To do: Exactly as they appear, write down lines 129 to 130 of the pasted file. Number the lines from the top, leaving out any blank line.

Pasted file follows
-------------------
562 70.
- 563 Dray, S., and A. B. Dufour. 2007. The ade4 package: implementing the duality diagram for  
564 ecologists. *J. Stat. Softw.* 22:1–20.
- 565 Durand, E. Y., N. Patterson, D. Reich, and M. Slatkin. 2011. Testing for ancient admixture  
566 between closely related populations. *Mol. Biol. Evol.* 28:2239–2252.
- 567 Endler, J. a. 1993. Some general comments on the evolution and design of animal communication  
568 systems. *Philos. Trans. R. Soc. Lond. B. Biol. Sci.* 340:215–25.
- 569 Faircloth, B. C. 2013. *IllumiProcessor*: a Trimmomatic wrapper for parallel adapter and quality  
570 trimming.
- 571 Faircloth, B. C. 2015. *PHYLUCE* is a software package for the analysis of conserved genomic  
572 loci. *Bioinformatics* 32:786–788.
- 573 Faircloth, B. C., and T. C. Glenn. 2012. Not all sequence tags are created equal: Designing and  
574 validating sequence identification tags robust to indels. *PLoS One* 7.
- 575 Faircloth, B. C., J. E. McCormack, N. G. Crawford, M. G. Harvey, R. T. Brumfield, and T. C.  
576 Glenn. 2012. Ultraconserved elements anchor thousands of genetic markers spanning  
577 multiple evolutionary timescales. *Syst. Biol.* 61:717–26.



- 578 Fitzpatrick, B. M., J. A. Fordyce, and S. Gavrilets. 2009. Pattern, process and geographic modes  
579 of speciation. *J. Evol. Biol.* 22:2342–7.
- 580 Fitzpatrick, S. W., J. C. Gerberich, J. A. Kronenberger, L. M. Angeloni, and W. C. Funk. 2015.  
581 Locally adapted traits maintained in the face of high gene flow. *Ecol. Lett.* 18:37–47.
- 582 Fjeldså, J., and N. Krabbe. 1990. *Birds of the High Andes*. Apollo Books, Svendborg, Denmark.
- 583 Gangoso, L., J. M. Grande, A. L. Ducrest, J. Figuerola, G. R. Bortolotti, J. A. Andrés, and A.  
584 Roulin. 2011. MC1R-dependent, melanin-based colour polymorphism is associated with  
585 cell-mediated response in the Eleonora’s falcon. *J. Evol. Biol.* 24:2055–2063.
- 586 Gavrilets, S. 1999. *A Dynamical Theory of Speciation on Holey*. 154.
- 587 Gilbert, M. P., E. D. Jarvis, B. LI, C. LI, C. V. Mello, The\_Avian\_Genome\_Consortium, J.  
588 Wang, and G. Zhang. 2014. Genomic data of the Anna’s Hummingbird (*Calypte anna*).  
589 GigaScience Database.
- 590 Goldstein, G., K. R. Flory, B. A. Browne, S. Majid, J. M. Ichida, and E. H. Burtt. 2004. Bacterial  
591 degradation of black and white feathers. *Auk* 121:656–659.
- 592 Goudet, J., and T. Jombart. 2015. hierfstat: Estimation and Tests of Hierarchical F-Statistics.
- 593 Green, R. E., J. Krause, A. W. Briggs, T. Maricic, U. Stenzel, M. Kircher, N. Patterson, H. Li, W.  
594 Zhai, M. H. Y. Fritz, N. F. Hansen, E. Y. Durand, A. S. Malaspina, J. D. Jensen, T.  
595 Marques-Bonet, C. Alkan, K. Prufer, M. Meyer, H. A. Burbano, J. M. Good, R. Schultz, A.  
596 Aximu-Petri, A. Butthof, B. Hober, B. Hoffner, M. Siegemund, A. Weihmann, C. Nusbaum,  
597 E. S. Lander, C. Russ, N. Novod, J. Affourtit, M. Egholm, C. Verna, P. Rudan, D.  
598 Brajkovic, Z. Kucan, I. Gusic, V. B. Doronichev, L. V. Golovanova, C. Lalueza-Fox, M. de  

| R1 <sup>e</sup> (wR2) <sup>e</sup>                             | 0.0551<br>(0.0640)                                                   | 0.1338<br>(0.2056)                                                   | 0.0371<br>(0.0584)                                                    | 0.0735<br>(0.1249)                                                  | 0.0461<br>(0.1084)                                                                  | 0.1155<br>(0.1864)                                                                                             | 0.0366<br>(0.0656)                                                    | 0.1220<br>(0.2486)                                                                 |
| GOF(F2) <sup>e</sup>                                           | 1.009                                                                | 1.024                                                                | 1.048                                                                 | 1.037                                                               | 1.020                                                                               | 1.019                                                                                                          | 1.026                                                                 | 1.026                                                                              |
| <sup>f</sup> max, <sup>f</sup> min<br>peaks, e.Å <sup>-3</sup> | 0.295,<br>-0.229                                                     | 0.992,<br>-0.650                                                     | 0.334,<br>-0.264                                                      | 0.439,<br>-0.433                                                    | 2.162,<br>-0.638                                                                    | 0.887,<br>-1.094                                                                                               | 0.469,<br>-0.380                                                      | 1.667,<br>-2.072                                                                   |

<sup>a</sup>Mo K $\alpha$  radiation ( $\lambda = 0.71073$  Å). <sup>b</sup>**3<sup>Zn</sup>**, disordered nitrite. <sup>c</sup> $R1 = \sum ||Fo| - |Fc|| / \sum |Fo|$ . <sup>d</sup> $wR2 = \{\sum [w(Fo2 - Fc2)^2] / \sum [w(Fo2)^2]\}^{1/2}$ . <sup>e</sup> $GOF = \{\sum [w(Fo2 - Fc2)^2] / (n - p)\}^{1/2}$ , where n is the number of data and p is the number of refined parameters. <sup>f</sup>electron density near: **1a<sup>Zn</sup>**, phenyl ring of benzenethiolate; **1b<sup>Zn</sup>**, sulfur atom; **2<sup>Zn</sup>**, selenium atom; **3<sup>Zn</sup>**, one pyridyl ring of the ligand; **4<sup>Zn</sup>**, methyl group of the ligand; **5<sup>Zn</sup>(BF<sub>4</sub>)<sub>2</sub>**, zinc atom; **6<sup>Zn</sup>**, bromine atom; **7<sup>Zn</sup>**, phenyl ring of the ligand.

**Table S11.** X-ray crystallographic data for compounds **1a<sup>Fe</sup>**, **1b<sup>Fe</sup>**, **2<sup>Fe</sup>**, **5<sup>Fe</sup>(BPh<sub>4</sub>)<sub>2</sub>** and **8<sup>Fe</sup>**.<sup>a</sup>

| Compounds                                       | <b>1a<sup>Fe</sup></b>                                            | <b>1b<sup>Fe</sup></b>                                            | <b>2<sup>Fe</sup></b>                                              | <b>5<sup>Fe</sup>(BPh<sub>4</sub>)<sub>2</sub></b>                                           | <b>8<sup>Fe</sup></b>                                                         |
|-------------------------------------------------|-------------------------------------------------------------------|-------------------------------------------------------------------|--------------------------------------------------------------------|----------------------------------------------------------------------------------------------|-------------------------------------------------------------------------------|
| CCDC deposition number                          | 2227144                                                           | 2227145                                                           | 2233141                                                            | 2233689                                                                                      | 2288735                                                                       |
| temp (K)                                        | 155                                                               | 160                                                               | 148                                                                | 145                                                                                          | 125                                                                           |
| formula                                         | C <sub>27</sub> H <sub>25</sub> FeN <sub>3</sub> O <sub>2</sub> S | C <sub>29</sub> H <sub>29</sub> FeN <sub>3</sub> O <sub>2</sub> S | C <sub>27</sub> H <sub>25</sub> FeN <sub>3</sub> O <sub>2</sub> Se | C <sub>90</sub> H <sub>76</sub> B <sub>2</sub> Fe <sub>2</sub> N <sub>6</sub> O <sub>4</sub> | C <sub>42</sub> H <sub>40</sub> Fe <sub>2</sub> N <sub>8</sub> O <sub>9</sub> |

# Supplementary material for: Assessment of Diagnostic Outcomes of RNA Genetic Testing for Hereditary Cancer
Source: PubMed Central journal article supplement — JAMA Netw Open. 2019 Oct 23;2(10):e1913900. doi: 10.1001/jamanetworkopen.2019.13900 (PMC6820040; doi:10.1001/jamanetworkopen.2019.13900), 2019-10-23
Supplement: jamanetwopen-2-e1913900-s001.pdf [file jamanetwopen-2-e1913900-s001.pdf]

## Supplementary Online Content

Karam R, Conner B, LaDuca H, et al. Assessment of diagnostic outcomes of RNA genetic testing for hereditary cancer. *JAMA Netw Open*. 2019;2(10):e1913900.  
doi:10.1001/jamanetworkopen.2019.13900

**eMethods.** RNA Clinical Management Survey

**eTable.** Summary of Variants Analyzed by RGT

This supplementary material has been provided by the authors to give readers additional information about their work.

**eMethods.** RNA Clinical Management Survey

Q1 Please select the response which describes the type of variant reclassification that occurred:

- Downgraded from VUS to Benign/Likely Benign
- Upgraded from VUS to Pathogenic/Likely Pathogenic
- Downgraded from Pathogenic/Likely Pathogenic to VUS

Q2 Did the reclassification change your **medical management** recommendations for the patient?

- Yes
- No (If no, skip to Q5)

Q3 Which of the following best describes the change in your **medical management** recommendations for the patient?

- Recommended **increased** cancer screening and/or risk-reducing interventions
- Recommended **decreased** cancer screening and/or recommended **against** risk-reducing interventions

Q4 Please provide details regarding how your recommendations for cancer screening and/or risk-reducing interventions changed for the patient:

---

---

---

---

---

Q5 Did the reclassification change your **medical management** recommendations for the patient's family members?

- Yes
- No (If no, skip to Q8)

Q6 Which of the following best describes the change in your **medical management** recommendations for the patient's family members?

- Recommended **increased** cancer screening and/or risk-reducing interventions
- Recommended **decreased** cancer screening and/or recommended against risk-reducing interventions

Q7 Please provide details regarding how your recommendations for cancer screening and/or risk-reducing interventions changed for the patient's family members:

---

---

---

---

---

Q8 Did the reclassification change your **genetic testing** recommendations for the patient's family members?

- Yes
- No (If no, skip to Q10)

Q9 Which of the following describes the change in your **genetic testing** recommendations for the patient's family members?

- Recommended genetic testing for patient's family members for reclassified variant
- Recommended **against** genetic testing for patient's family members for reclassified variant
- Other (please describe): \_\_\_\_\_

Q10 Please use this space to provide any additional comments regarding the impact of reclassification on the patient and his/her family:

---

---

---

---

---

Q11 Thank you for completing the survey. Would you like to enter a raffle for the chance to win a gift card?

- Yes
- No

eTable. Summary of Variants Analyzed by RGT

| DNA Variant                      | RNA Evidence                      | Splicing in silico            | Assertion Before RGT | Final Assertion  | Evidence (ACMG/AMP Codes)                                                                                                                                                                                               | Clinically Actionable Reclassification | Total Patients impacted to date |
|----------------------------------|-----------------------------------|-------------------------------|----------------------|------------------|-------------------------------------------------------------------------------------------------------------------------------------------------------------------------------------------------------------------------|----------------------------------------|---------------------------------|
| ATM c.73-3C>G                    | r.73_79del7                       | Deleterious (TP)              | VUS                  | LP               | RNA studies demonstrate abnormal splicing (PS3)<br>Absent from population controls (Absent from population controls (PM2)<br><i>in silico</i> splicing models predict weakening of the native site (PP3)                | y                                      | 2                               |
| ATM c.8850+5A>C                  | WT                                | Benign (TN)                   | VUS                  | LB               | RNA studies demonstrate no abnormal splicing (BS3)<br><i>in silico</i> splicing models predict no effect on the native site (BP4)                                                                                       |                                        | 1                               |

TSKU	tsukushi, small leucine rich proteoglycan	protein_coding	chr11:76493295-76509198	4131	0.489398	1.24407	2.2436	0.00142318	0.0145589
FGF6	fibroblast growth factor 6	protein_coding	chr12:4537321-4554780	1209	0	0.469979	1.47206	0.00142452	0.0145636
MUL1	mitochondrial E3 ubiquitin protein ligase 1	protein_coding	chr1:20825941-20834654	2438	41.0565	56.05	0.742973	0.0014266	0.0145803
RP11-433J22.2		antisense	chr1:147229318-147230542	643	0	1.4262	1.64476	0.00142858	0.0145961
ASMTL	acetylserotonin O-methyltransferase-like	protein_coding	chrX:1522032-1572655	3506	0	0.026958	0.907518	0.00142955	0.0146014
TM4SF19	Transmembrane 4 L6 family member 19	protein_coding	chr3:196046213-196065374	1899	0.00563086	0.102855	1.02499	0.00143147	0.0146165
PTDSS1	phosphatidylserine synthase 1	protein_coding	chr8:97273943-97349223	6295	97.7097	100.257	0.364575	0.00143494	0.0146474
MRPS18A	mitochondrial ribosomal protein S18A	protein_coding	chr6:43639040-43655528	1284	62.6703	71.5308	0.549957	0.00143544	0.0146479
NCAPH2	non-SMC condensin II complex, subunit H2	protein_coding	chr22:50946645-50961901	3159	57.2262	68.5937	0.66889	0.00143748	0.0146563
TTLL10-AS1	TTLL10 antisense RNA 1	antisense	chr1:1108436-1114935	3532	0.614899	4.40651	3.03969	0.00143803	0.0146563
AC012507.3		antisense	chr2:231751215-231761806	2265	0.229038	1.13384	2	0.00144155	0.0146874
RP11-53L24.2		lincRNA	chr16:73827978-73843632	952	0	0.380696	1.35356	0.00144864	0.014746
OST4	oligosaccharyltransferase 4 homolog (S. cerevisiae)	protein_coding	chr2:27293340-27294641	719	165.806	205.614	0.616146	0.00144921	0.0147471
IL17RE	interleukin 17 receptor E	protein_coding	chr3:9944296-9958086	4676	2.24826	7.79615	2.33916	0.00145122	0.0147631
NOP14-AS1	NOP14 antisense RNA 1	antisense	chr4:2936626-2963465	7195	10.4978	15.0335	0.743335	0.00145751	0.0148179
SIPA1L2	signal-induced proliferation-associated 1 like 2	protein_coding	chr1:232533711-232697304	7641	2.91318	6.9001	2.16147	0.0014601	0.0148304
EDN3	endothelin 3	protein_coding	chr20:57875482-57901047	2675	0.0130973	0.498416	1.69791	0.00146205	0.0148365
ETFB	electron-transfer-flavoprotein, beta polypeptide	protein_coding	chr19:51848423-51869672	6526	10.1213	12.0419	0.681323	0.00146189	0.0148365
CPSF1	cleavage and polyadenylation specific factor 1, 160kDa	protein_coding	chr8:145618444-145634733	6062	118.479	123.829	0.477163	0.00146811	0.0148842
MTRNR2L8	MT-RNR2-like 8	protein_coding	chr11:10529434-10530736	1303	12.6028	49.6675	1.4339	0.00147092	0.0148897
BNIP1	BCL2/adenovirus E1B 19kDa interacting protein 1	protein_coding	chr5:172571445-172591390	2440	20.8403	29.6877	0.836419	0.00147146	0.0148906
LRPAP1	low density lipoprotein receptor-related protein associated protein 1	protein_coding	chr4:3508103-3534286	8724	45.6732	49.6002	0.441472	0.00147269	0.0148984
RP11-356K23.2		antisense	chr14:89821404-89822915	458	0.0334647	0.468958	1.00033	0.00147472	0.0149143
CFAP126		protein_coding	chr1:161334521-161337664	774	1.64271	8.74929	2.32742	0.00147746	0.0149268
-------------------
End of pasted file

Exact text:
RP11-356K23.2		antisense	chr14:89821404-89822915	458	0.0334647	0.468958	1.00033	0.00147472	0.0149143
CFAP126		protein_coding	chr1:161334521-161337664	774	1.64271	8.74929	2.32742	0.00147746	0.0149268